No, that's not in dispute. What's in dispute is the manner in which some have chosen to restrict the argument. Is it possible that the transitive property of equality expressed in terms of things that we can count at our level of macroscopic apprehension might have nothing to do with locality/nonlocality in a realm of behavior removed from our sensory apprehension and, presumably, underlying instrumental behavior -- at least wrt the way that the dilemma has so far been framed?

Quote Quote by lugita15 View Post
You can, of course, dispute that the particles have agreed in advance which angles to go through and which angles not to go through, in which case you should dispute step 2. But if you have accepted step 2, and thus believe that the particles have instructions as to exactly which angles to go through and which angles not to go through, then the transitive property of equality forces you to accept step 3.
There's at least one other way of conceptualizing the reason for identical detection attributes at identical settings. Namely, that the separated polarizers are analyzing, filtering exactly the same thing wrt any given pair of entangled particles. In which case, the expected result would be in line with the QM predictions and Malus Law.

Quote Quote by lugita15 View Post
This is entirely irrelevant to our discussion ...
I think so too. But you're the one who's including determinism in this.

Quote Quote by lugita15 View Post
... but do you not consider Newton's theory of gravitation to be deterministic, since it has instantaneous action at a distance?
I'm not aware of any contention or hypothesis of instantaneous action at a distance associated, by Newton, with the relationships that his equations specify. For those who want to infer nonlocality from the equations, then that's on them. The equations express an observationally confirmed relationship. Is it possible that that relationship might be due to local interactions/transmissions? Yes, of course it is, in the sense of gravitational systems.

Quote Quote by lugita15 View Post
And would consider Bohmian mechanics to be nondeterministic, since it too has instantaneous action at a distance?
Yes, insofar as dBB is interpreted to explicate nonlocality, then it's nondeterministic. Just relational, just as standard QM is relational, not causal.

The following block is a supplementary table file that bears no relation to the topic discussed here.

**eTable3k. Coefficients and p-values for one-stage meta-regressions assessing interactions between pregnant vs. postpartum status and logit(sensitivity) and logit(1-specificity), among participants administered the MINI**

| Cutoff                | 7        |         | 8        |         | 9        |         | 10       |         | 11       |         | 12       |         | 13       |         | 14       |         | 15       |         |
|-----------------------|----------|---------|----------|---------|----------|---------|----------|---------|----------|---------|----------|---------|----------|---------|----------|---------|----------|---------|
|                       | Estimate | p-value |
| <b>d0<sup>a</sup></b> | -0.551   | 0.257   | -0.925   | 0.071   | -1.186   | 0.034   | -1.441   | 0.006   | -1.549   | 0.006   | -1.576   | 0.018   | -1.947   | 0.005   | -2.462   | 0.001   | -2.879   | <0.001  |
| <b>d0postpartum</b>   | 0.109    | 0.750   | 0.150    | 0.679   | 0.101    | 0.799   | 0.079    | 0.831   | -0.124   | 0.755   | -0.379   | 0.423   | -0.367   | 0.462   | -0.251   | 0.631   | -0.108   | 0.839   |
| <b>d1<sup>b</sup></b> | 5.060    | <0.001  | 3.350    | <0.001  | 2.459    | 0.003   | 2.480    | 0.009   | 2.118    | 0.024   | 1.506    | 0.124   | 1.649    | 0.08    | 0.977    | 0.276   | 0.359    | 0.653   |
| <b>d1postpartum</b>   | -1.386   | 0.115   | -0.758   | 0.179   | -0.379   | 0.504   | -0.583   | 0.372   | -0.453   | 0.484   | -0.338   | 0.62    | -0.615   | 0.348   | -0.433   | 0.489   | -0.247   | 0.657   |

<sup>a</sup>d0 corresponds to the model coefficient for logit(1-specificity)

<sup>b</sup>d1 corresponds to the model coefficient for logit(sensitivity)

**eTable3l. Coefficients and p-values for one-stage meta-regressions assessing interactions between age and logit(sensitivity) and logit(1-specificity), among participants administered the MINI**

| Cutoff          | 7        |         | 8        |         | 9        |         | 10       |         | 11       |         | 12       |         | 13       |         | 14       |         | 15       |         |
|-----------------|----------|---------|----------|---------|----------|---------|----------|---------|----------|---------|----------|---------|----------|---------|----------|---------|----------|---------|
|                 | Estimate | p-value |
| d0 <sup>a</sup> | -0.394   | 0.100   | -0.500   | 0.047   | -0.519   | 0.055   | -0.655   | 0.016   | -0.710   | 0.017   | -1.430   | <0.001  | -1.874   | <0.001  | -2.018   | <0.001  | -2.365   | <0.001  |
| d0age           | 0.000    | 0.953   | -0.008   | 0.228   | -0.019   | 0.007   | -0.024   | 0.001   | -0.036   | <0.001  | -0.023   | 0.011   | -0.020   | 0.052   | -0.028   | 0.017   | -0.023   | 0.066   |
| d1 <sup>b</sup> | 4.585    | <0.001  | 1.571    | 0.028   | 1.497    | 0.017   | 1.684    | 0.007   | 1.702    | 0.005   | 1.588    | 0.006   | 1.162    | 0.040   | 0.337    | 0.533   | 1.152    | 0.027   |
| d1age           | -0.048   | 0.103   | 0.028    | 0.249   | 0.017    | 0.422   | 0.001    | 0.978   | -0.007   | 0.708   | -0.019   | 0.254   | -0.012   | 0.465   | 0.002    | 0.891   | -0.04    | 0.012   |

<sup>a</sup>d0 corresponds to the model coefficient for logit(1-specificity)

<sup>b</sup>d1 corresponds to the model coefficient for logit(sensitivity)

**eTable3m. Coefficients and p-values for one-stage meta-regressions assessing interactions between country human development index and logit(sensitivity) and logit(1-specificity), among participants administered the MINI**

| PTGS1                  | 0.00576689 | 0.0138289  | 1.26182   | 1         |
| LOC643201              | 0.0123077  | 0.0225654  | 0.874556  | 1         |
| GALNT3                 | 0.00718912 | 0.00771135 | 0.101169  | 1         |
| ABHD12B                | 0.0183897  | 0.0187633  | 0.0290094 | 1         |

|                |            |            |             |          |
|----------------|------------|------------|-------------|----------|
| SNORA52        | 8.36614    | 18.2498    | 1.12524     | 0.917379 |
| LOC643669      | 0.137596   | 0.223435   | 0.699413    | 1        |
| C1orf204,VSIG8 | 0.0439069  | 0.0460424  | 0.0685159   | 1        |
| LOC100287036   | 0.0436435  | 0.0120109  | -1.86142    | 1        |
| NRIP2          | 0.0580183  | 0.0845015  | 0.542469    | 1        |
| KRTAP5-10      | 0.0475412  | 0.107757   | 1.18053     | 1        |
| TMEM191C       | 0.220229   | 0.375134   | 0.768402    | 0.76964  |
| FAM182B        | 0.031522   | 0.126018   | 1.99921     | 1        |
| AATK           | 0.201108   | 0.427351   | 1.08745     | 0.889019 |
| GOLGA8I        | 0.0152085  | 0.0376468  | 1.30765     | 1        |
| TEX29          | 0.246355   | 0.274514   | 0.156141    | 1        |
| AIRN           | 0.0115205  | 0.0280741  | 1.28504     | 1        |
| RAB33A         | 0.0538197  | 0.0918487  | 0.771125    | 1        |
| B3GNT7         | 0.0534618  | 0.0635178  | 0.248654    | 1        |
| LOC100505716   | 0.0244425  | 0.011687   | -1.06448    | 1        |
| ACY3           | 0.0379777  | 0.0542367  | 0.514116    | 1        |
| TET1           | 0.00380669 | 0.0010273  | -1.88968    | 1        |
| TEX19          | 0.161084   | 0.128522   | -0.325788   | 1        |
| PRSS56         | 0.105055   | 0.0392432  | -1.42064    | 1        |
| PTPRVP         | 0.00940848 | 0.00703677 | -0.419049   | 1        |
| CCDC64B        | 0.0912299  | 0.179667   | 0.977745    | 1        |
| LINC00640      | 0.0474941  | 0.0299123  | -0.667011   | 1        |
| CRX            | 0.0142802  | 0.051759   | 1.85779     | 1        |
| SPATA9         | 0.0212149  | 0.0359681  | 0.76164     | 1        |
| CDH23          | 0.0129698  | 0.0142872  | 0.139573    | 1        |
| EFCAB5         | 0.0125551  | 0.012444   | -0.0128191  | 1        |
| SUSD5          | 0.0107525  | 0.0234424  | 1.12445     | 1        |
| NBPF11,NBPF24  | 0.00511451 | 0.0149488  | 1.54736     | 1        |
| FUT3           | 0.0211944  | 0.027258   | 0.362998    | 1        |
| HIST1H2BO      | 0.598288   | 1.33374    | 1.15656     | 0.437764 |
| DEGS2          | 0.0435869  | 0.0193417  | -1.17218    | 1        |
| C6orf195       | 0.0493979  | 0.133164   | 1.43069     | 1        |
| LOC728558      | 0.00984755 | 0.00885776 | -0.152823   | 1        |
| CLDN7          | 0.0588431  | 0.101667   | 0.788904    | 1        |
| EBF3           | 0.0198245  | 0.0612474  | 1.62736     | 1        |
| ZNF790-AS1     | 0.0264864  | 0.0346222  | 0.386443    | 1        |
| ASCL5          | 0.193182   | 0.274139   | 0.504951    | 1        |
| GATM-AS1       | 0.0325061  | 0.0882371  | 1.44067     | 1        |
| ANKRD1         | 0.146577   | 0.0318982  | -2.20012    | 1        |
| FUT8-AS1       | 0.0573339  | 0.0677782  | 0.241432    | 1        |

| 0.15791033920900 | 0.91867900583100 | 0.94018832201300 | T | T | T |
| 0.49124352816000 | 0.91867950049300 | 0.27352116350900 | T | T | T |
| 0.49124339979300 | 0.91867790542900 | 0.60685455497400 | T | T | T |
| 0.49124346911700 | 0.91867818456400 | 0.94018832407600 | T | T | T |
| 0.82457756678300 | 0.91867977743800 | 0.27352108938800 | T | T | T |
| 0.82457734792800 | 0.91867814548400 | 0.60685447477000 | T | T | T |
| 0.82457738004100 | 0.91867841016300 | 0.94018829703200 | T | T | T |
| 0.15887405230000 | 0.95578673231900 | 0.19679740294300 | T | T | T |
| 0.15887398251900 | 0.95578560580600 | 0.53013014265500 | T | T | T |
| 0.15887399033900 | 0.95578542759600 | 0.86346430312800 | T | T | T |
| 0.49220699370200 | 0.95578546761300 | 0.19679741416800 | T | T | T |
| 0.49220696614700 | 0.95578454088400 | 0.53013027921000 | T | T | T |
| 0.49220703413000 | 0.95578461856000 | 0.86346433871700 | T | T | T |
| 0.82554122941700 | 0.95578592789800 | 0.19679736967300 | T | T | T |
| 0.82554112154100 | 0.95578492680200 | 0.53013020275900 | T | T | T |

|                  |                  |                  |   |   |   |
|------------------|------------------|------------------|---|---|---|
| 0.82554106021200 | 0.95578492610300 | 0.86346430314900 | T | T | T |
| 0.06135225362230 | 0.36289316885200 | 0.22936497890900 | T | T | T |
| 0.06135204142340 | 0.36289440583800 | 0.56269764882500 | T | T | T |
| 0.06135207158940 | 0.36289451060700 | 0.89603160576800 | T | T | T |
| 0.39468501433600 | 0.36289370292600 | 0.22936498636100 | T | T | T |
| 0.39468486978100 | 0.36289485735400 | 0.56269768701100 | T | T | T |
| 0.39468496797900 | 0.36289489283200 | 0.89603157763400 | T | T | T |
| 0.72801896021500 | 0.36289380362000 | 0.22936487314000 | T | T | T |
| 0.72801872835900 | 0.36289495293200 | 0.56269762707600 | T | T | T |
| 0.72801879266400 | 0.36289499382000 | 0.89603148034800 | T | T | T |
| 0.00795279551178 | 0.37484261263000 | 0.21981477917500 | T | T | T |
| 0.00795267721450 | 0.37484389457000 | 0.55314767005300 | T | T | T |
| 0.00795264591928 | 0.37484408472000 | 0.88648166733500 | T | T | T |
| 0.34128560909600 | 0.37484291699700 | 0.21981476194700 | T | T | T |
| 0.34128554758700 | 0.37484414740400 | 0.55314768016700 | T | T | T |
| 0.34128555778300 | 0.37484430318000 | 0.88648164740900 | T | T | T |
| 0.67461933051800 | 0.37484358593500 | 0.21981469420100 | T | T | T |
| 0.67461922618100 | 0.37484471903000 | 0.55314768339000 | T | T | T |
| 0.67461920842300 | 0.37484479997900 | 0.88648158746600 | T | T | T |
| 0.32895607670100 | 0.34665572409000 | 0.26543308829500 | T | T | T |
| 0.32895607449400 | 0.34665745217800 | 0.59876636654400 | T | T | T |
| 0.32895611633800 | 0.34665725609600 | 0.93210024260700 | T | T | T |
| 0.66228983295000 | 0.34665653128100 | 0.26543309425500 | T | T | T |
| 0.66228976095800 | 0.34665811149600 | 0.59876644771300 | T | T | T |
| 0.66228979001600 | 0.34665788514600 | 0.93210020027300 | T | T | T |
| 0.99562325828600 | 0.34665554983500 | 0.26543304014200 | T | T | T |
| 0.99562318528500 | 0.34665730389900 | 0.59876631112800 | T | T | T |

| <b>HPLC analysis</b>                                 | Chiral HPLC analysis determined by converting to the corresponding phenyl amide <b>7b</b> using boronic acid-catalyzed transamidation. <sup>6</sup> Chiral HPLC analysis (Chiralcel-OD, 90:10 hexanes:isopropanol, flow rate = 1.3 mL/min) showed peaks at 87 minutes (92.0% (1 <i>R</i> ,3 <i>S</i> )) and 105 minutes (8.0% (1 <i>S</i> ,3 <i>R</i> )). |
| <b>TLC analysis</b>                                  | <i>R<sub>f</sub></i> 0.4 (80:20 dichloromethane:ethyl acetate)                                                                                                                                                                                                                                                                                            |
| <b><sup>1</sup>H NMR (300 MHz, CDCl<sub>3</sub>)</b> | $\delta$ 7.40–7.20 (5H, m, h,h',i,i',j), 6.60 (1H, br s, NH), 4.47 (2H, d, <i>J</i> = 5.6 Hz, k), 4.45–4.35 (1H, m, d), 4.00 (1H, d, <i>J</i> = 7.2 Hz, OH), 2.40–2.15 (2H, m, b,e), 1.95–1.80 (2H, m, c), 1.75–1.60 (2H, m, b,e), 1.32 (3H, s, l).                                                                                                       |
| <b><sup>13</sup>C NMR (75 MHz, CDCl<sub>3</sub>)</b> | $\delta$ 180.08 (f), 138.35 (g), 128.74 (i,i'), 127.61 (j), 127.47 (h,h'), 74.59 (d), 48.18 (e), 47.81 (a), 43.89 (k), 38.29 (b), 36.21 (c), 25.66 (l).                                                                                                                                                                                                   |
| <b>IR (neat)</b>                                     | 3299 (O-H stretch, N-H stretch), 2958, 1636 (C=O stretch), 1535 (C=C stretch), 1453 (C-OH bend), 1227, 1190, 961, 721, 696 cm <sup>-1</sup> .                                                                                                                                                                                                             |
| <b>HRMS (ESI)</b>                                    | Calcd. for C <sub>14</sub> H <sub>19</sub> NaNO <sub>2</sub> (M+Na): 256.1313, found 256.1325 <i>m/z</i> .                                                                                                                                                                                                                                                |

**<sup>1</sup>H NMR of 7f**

Quote Quote by lugita15 View Post
But I am not making any assumption of locality or independence in step 3!
But that's where it takes a particular form that must affect the conclusion. Simply assuming locality, in terms of independence, is inconsequential until that assumption is put into a form that will impact the reasoning or the experimental predictions.

Quote Quote by lugita15 View Post
Step 2 is where I say the particles have determined in advance, exactly what angles to go through and what angles not to go through.
Yes, but step 2 doesn't put it into a form that will impact the reasoning. Step 3 does that.

Then again, I suppose you could say that step 2 in some sense implies step 3. So, maybe we should look more closely at step 2. The way it's stated is rather ... pedestrian and a bit too anthropomorphic, I must say. What are some other ways of stating the inference(s) that might be drawn from step 1?
lugita15
#121
Apr9-12, 08:42 AM
P: 1,583
Quote Quote by ThomasT View Post
They must all have some importance, otherwise I suppose that you wouldn't bother expressing them.
Yes, it's just that step 3 is a relatively trivial and unimportant step, at least to my mind.
No, that's not in dispute. What's in dispute is the manner in which some have chosen to restrict the argument. Is it possible that the transitive property of equality expressed in terms of things that we can count at our level of macroscopic apprehension might have nothing to do with locality/nonlocality in a realm of behavior removed from our sensory apprehension and, presumably, underlying instrumental behavior -- at least wrt the way that the dilemma has so far been framed?